Bluegrass features acoustic string instruments and emphasizes the off-beat. Notes are anticipated, in contrast to laid back blues where notes are behind the beat, which creates the higher energy characteristic of bluegrass. In bluegrass, as in some forms of jazz, one or more instruments each takes its turn playing the melody and improvising around it, while the others perform accompaniment; this is especially typified in tunes called breakdowns. This is in contrast to old-time music, in which all instruments play the melody together or one instrument carries the lead throughout while the others provide accompaniment. Breakdowns are often characterized by rapid tempos and unusual instrumental dexterity and sometimes by complex chord changes

Get to Creating!

Painting Classes

We have gathered 3 videos of bird paintings for you to check out. Try 1, 2 or all of them for a fun and creative day! Supplies are listed below each video.

  • Paper & tape
  • Watercolor paints: Lemon Yellow, Orange, Cadmium Red, Opera Pink, Cerulean Blue, Black, White
  • Brushes: Large round soft brush and detail brush
  • Canvas
  • Acrylic paints: specific colors not listed.
  • Sharpie or other black marker
  • Brushes: Large round soft brush, small round brush, and detail brush
  • 11" x 14" Canvas
  • Brushes: Wide flat, filbert, and liner
  • Small piece of cotton
  • Acrylic paints: white, veridian green, phthalo green, paynes grey, burnt sienna, deep yellow, green, magenta, and yellow ochre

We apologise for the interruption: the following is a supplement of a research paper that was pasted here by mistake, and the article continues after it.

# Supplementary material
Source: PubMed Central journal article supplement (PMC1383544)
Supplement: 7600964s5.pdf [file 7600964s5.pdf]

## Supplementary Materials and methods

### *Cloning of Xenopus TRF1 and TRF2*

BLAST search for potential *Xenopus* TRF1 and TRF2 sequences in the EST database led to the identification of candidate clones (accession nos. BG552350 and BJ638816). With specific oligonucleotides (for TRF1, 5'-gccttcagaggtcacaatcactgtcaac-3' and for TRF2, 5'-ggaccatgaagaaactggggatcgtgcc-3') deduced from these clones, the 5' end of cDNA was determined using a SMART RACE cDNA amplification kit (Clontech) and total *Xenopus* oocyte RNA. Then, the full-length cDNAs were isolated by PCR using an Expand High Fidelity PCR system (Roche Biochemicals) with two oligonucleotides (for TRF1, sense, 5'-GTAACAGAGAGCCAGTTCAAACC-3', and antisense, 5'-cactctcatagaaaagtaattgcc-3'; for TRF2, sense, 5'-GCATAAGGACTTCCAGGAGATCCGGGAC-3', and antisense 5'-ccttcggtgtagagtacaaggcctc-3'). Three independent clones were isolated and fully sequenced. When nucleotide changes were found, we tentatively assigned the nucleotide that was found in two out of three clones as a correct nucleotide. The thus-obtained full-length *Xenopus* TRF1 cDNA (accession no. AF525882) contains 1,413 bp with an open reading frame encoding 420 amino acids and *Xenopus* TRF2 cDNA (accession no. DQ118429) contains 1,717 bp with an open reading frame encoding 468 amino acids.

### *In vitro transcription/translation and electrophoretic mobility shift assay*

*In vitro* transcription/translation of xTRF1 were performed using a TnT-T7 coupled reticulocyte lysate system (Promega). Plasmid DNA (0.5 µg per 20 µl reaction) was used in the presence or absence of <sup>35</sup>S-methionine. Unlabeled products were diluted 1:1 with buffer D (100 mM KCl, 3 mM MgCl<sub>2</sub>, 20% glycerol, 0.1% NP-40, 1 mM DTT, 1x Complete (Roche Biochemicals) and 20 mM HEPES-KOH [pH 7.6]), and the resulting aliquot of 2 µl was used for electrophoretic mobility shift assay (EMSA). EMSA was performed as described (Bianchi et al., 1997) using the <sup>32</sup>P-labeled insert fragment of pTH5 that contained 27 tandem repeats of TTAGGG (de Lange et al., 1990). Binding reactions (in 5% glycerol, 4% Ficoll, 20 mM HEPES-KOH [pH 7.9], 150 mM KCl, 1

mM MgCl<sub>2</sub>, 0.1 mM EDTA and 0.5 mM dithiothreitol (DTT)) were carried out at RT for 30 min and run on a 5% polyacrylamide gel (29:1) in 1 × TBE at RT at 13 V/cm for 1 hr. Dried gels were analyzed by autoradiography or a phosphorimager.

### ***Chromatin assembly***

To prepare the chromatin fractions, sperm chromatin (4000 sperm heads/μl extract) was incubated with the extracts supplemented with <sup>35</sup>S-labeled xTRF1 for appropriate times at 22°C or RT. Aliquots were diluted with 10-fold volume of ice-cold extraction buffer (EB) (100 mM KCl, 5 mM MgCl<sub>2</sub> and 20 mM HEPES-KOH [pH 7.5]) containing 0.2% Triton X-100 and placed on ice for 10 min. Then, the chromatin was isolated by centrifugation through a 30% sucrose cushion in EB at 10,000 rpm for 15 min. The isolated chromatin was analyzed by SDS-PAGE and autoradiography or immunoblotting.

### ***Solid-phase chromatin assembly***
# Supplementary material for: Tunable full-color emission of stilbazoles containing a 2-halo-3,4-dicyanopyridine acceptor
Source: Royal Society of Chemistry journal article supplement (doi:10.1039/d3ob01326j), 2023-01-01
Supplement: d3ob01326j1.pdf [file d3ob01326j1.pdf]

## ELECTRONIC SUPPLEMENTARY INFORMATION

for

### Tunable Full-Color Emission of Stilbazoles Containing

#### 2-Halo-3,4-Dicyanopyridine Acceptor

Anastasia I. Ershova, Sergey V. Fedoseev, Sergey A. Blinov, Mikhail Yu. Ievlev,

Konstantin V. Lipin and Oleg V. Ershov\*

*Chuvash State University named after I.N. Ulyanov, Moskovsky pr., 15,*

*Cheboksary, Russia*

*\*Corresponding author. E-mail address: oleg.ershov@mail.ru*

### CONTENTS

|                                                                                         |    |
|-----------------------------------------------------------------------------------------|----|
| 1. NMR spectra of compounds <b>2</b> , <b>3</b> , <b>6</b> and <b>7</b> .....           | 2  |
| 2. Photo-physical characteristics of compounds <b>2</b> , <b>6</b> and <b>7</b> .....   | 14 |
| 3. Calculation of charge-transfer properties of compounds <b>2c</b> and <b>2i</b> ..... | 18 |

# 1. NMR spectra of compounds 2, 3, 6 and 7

BirdFest Crafts

Craft materials for the Bird Feeder and Tambourine are available in Activity Bags at Ridgefield City Hall. These bags will be put out in the afternoon on Friday, October 2nd and be available while supplies last for no-contact pick up. If you are unable to pick up an Activity bag, the supplies are listed for each craft.



  • Cardboard Tube
  • Two plates
  • 18" piece of string
  • Glue/Adhesive


  • Paint and brush
  • Stickers, marker, etc for decorating


  1. Glue the end of the tube with the slot cut in it to the center of your bottom plate (the one without the holes in it). Hot glue works well for this step because it hardens quickly (have an adult help). You can also use a craft glue. Be sure let it dry completely before proceeding to the next step.
  2. If desired paint the tube and top and bottom plate any color you would like and let it dry.